GENEVA (14 June 2017) – The United Nations Special Rapporteur Miklós Haraszti today described the severe crackdown on peaceful protesters in February-March of this year as revealing the cyclical nature of oppression of human rights in Belarus. He also warned that the trials underway potentially lead to a new set of political prisoners.
“Only some months after the Government of Belarus had seemed to ease the curbs on dissent voices, the new wave of violent nationwide repression hit thousands who were peacefully protesting against an ill-designed social measure”, Haraszti said presenting his new report to the Human Rights Council.
“More than a thousand were arbitrarily detained, showing that Belarus returned to its practice of silencing those who make use of their basic civil rights,” he noted.
Mr. Haraszti said that it was vital for international scrutiny to continue, as the severe crackdown on peaceful protesters and the lack of efforts at reforming the laws and policies underlying to the recurring oppression had revealed the “cyclical” nature of human rights abuses in Belarus.
“The March events displayed a periodically returning element in the authorities’ handling of human rights,” he said “Their reaction was woefully identical with the response the authorities gave to the demonstrations following the presidential election of 2010, the particular cycle of massive oppression that prompted the Human Rights Council to create my mandate.”
The Special Rapporteur noticed a few positive developments on human rights in Belarus since June last year, such as the allowance for two members of opposition to enter Parliament following the elections of September 2016; and the registration of the ‘Tell the Truth’ movement last month, albeit not as a political organisation.
“The authorities announced a plan of implementation of selected human rights recommendations,” he said. “Unfortunately, even if the list of these 100 activities was fully implemented, the reality of human rights on the ground would not change, as civil society organizations were not associated to its development, and because the plan does not address the systemic and long-known human rights issues of Belarus.”
The Special Rapporteur recalled the continuing application of the ‘permission-based’ regime.
“The cornerstone of systemic oppression of human rights is article 193.1 of the Penal Code which criminalizes any public activity not pre-authorized by officials. Today, all citizens of Belarus who decide to exercise their civic rights de jure commit a crime, and it is up to the authorities’ arbitrary decisions when they would become de facto criminals, exposed to law enforcement violence and to the whims of a juridical system without due trial and equality before the law,” Mr. Haraszti underlined.
“Belarus’ cyclical approach to human rights finds another proof in the application of the death penalty,” the expert added.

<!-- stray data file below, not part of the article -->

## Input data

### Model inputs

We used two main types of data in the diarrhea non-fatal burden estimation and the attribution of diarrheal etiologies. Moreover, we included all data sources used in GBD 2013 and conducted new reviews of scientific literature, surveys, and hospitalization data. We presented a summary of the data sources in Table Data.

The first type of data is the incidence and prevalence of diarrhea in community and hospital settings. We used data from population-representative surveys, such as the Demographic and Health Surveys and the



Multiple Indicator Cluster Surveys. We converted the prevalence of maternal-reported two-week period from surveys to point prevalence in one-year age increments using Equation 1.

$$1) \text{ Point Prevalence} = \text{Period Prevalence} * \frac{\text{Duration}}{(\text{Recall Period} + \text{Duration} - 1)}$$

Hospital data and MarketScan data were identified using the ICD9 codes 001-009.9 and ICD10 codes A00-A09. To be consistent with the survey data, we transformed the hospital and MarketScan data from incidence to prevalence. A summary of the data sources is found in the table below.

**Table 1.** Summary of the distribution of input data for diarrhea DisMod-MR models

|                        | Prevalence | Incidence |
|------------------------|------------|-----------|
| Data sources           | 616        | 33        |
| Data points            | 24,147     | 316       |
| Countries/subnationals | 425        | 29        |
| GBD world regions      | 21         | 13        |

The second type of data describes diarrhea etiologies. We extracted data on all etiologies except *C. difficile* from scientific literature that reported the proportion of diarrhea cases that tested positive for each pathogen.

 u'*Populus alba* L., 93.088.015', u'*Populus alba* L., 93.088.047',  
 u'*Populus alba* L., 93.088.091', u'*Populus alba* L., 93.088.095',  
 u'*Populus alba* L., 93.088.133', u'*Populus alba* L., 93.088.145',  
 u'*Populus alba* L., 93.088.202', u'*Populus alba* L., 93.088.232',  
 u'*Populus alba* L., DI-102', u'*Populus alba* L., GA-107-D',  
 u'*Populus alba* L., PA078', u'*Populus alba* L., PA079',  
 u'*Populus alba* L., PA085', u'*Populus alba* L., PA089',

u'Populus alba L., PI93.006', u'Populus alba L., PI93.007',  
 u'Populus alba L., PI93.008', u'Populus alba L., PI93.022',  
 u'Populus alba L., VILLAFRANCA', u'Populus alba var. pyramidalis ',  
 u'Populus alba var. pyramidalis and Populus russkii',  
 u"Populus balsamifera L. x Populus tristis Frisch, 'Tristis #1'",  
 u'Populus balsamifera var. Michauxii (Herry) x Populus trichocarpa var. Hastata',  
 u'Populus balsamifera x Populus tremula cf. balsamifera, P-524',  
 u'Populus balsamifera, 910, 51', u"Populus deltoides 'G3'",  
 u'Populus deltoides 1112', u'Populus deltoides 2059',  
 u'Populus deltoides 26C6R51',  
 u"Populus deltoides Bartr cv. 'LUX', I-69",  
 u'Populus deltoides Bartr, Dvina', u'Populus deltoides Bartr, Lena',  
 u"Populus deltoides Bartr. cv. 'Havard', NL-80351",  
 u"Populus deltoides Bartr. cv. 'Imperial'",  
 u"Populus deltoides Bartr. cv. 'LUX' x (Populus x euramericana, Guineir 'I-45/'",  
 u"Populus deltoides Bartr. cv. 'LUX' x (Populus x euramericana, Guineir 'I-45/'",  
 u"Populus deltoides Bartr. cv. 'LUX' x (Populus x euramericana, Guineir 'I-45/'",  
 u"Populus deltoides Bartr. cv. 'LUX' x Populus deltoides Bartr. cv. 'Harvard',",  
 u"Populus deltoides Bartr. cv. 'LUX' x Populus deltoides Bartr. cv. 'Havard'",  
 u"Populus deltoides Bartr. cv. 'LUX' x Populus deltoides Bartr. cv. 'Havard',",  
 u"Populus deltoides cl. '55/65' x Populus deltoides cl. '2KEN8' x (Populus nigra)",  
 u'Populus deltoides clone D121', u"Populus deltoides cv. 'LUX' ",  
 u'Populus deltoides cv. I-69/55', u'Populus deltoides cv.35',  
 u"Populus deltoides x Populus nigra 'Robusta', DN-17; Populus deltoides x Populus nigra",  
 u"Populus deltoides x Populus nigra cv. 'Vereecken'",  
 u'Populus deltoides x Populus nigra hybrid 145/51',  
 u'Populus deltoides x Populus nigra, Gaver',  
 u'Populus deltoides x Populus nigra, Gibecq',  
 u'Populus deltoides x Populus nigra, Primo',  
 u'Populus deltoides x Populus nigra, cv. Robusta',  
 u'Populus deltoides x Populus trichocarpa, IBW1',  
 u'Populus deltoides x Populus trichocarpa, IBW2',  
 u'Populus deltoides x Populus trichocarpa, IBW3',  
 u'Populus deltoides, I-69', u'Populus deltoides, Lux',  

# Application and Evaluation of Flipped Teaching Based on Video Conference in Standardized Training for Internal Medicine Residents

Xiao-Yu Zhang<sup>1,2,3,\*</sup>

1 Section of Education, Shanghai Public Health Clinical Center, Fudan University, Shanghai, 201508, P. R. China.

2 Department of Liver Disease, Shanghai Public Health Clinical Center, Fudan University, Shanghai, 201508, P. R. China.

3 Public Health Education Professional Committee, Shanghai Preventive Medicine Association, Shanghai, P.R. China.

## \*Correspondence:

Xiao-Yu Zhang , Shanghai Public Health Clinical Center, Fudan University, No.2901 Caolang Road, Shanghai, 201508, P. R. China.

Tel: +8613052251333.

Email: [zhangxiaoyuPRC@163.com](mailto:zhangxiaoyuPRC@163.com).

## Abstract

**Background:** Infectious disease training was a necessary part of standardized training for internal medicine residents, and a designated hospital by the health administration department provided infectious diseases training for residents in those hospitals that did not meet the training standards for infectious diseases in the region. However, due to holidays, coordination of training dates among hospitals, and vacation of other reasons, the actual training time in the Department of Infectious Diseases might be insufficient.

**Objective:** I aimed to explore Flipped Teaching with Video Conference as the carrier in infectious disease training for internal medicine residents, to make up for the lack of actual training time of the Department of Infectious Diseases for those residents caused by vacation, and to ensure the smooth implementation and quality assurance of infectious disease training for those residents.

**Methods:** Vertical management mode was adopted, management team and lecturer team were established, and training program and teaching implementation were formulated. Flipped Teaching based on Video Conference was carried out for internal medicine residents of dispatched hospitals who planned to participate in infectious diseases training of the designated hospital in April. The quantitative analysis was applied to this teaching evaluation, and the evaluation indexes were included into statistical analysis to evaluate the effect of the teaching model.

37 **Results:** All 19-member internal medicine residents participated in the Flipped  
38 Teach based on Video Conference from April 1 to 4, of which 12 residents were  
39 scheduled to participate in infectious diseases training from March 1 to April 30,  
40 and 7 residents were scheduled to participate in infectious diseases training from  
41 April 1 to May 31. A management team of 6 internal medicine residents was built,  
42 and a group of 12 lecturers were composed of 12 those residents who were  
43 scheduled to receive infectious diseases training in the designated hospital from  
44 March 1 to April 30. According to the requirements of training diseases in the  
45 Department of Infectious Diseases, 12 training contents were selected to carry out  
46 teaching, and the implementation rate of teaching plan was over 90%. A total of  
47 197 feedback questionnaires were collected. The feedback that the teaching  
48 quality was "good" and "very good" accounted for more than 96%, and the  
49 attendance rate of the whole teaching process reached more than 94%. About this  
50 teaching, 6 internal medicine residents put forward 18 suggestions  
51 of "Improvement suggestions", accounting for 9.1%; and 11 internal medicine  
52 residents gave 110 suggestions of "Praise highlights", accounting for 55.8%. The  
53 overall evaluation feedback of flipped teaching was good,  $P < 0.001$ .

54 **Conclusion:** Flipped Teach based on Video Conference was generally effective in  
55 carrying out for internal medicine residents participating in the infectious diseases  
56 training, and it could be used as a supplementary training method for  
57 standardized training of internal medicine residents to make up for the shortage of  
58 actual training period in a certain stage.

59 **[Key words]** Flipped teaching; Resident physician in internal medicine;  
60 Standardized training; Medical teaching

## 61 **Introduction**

He said: “In 2016 only, Belarus executed four individuals, which is the highest number since 2008. After the cut-off date of my report, another individual was executed, sometime in April. The conditions under which executions are conducted continue to amount to cruel handling, just as the judicial system still denies the right to a fair trial.”
Mr. Haraszti also stressed the potential for a new set of political prisoners, another recurring issue in Belarus.
“As of today, a dozen of arrested are accused of having plotted against the State or having prepared riots. There are credible allegations of recourse to torture in order to coerce them into confessing to the politically motivated accusations,” he noted.
“This procedure is conducted without any public communications, and it raises the danger of a new round of political detainees after Belarus released its last political prisoners on the eve of the presidential elections of 2015,” the Special Rapporteur said.
Mr. Miklós Haraszti (Hungary) was designated as Special Rapporteur on the situation of human rights in Belarus by the UN Human Rights Council in 2012. In the 70s, Mr. Haraszti was a founder of Hungary’ s human rights and free press movement, and in the 1990s he was a Member of the Hungarian Parliament. From 2004 to 2010, he served as the OSCE Representative on Freedom of the Media. Since 2010, he has been a Professor at several universities teaching media democratisation.
Special Rapporteurs are part of what is known as the Special Procedures of the Human Rights Council. Special Procedures, the largest body of independent experts in the UN Human Rights system, is the general name of the Council’s independent fact-finding and monitoring mechanisms that address either specific country situations or thematic issues in all parts of the world. Special Procedures’ experts work on a voluntary basis; they are not UN staff and do not receive a salary for their work. They are independent from any government or organization and serve in their individual capacity.
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